Without a careful hand, a political-history film can lose its entertaining power. However, what Ben Afflect did in his newest directorial work is a masterpiece. “Argo” is where a classified political story blends greatly with thrills. “Argo” is among the 2012 films highly considered as the contenders of this year’s Oscar, and many recognition it received from many critics circle, awards, and reviewers become an undoubted proof. Some said that “Argo” captured a very detailed portion of the true events (although I believe some parts of it were a little bit dramatized), but I bet you might be surprised to know if the story was a real true story.
“Argo” was set in the situation of conflict between United States and Iran, in 1980s, when Iran’s ex-president-turned-to-biggest-enemy Reza Pahlevi was given asylum in United States. The people of Iran got mad, went out to the streets outside the US embassy, and rioted. They took over the embassy building, gathered information, and imprisoned all the Americans inside the building, except six who escaped and hid in the Canada embassy. In the situation of anti-American in Iran, Tony Mendez (played by Ben Affleck), a CIA specialist, was one of those who discussed and set a mission to send the six survivors home. Then, he came up with an idea of putting him and the six Americans as Canadian filmmakers who was observing Iran as the location where the shooting of a fake sci-fi film titled “Argo” would take place.
"This is the best bad plan we have, sir." - Tony Mendez
Its 12-minute opening is tense and breath-taking. We’ll be introduced with a short history of the conflict and taken to see the situation of chaos. The people of Iran were in temper, they could nearly do any violence to show their anger to the American. Bad decision of the government can endanger the lives of its innocent citizens, no? That’s what “Argo” tries to point out. Ben Affleck, as both the actor in the leading role and the director, successfully brings a detailed, thrilling, and spellbinding political film—although I appreciate him more for his job as a director than as an actor. It contains a simple dialogue for such a complicated and multilevel plot. Don’t you leave your seat after the film ends: wait until the closing credits goes to see a side-by-side comparison of some of the film scenes and the real situation. It shows how the crew really tried to figure out the real situation. Maybe, to be honest, some of the conflicts were so dramatized that you could even laugh at them (see how they use tight timing as the main power of thriller), but screw that: I was hypnotized to be as stressful as the survivors. It barely has any on-screen violence, action scenes, or even strong characterizations by the characters: the plot doesn’t need all that to bring tense. Somehow it’s emotional, but it’s also a nice success.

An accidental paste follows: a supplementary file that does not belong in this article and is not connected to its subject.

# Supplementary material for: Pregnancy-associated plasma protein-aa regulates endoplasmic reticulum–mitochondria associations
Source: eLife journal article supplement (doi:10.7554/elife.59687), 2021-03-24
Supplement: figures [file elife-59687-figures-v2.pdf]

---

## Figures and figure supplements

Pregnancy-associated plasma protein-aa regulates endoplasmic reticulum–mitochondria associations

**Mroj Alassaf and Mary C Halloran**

My first question—regarding to its premise—is, did they really do that? I mean, did they really do such a hilarious trick to safe the six Americans? While the answers were “yes”, the mastermind of this seemingly unsuccessful mission—Tony Mendez—had a great responsibility to maximize the chance of sending them home safely. See: it’s not CIA that helped them, it’s Hollywood. Tony successfully did his job more because of the help of the two Hollywood guys, Lester Siegel (played by Alan Arkin) and John Chambers (played by John Goodman), rather than the help of his CIA partner, Jack O’Donnell (played by Bryan Cranston). Tony Mendez is a representation of his country, and Argo—I am referring to the fake film—is a metaphor of how the government of the United States could do nearly everything, even the most out-of-the-box and the simplest one, to take its citizens back to their country. Maybe “Argo”—now I’m referring to the film this review is talking about—could capture a greatly detailed view of the real situation, but I guess it didn’t do a balanced storytelling of putting the situation of conflict between USA and Iran. It slowly and softly moved its focus from putting the “responsibility” of the conflict on the shoulders of both country, to “appreciating” the cooperation of USA and Canada as a good example of bilateral relationship. “Argo” didn’t tell as much as I expected, but from the least it could show to the viewers, it deserved high appreciation.
You know, I’d love to discuss about the political story behind “Argo” more than the film itself. Undoubtedly, “Argo” is the taste of this year’s awards, for it gives a thrilling based-on-true-events film that everybody can understand. I am questioning how could Ben Affleck and the crew made such a multinational, involving-conflict film like “Argo” (I mean, see the film and ask: how could they even get a permission from the Iranian government?), but however they did it, “Argo” is a true success. Trust me, the Academy will love it.
▲ Thrilling, breath-taking, detailed capture of real events
▼ No exploration of the characters
ARGO | COUNTRY USA YEAR 2012 RATING Rated R for language and some violent images RUNTIME 120 min GENRE Drama, History, Thriller CAST Ben Affleck, Bryan Cranston, Alan Arkin, John Goodman, Victor Garber WRITER Chris Terrio (screenplay), Joshuah Bearman (article) DIRECTOR Ben Affleck IMDB RATING 8.2/10 (Top 250 #197) (to date) METACRITIC 86/100 (Universal Acclaim) (to date) ROTTEN TOMATOES 96% (Certified Fresh) (to date) MORE INFO